consensus on conditions for the poll. But later, Prime Minister
Bashkim Fino told the ATA news agency that "the elections will
be held by the end of June but a fixed date has not been
agreed to." Tritan Shehu, a leader of President Sali Berisha's
Democratic Party, told AFP that no date was even been
discussed. Other issues to be resolved before the elections
include dealing with the rebels in the south, drafting a new
election law, granting all parties freer access to TV and radio,
and clarifying why the pyramid investment schemes collapsed.
CROATIAN PARTIES WIN IN MOST SLAVONIAN
Croatian government spokesmen in Zagreb and
ethnic Serb leaders in Vukovar said yesterday that early,
unofficial returns show Croatian parties winning 16 out of
eastern Slavonia's 27 districts. Croatian Deputy Prime
Minister Ivica Kostovic told journalists that the governing
Croatian Democratic Community has an absolute majority in
most of those 16 areas. The remaining 11 were won by the
Serbian Independent Democratic Party (SSDS). The SSDS, a
broad Serbian coalition, claims victory in Beli Manastir and
some other municipalities, while both the Croats and Serbs
agree that the vote in Vukovar was evenly split. The UN
administration in the area will begin to release official figures
BILDT CALLS FOR ISOLATION OF BOSNIAN SERB
Carl Bildt, the international community's High
Representative in Bosnia-Herzegovina, wrote UN Secretary-
General Kofi Annan yesterday that there should be only
"essential business contacts" with the Serbian member of the
joint Bosnian presidency, Momcilo Krajisnik. Bildt says that
Krajisnik is still close to former Bosnian Serb leader and
indicted war criminal Radovan Karadzic. Bildt called
Karadzic's role "evil," an RFE/RL correspondent in Sarajevo
reported. Meanwhile, Bildt's spokesman told reporters that
there will be no international aid for Bosanski Samac and Foca
in the Republika Srpska and for Croat-controlled Vitez
because indicted war criminals openly take part in local
STEINER SLAMS BOSNIAN SERB TRIAL OF "ZVORNIK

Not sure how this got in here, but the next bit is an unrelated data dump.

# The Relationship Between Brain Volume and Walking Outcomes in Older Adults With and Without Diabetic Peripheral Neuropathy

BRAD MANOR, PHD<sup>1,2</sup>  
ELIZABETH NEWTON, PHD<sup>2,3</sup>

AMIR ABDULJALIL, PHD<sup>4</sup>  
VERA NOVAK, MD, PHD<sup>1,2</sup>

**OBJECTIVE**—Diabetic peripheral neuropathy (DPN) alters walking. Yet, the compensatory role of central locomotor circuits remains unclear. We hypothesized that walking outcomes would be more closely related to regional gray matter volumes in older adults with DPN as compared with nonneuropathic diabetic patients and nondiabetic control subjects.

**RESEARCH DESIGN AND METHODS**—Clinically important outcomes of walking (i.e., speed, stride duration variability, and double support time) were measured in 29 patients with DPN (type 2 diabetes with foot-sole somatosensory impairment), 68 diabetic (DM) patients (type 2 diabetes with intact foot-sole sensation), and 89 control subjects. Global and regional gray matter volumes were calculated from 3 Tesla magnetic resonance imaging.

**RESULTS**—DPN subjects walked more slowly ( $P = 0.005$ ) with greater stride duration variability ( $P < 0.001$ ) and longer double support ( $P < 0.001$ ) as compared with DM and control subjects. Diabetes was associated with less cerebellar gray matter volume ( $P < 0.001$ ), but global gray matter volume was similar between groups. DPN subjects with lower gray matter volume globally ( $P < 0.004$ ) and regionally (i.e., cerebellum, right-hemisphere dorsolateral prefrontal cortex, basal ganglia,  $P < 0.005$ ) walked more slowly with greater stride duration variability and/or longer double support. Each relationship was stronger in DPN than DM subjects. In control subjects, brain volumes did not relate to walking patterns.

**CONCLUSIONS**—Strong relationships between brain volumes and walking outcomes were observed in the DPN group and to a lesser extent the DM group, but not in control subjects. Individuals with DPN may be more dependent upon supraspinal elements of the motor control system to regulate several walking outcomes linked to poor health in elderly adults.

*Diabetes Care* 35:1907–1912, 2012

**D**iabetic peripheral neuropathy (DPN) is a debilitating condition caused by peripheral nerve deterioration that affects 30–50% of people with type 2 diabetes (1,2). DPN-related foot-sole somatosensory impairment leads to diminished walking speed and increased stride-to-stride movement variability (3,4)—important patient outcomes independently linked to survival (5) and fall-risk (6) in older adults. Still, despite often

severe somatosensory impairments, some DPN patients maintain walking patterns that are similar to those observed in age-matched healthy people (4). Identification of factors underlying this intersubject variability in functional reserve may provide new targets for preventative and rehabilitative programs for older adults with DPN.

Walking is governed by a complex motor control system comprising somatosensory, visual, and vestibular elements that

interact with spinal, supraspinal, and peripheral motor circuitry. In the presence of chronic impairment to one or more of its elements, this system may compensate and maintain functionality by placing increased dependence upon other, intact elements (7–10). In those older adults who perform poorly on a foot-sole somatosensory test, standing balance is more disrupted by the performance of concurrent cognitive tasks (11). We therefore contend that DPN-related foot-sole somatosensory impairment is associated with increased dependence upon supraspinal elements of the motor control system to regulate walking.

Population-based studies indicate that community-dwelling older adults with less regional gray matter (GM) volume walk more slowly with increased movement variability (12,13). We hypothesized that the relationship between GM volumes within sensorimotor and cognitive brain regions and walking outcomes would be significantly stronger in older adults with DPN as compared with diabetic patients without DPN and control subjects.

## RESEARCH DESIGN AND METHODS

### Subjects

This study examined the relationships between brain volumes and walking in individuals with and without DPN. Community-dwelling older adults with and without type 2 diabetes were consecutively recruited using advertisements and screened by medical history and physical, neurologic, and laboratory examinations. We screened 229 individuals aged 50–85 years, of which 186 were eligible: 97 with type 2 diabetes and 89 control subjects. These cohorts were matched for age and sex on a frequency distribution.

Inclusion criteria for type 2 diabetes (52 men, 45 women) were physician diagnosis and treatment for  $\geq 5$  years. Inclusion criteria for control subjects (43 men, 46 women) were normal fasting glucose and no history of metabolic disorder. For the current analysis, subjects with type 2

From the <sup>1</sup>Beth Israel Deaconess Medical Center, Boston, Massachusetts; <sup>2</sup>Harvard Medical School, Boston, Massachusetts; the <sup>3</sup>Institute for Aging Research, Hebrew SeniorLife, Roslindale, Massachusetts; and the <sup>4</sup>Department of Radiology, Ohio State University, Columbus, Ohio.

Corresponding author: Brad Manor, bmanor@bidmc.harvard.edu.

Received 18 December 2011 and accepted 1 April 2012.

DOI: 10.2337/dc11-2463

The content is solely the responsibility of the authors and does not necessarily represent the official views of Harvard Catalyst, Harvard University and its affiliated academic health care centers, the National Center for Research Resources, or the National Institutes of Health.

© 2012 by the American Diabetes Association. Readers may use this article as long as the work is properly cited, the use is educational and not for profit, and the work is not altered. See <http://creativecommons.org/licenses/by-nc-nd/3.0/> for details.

Bildt's deputy, Michael Steiner, has blasted the Bosnian Serb authorities for not allowing seven Muslim males
to have their own lawyers in a trial that was slated to open this
week in Zvornik. He said in Sarajevo yesterday that the trial is
"a travesty of justice" and could lead to sanctions against the
Serbs. Mystery has surrounded the case of the seven, who
surrendered to U.S. peacekeepers near Zvornik last May. The
Muslims claimed to be survivors of the 1995 Srebrenica
massacre, but the Serbs charged them with murder and
unauthorized possession of weapons. The peacekeepers
handed the Muslims over to the Serbian police, which the
Muslims say tortured them.
OSCE LACKS MONEY FOR BOSNIAN ELECTIONS.
Danish Foreign Minister Niels Helveg Peterson said in Vienna
yesterday that the OSCE is $32 million short of what it needs
to organize the Bosnian local elections in September. He
accused various unspecified countries of engaging the OSCE
in various political projects but failing to provide the money to
carry them out. Peterson said the time has come to abandon
the system of financing the OSCE on the basis of voluntary
contributions and to start assessing members dues instead.
ALL SLOVENIAN PARTIES BACK NATO MEMBERSHIP.
All parties signed a declaration in Ljubljana yesterday supporting
membership in the Atlantic alliance. The parties say that
Slovenia is ready to cover all expenses connected with joining.
The opposition Social Democrats launched the initiative.
Slovenia has been intensively lobbying NATO member states in
recent weeks in a bid to be admitted in the first wave of new
members. It is the only former Yugoslav republic that most
observers give a serious chance of admission in the foreseeable
future, although Croatian President Franjo Tudjman says that
his country is ready to join.
ROMANIAN PARLIAMENT PASSES BUDGET LAW.
A joint session of Romania's bi-cameral parliament has passed the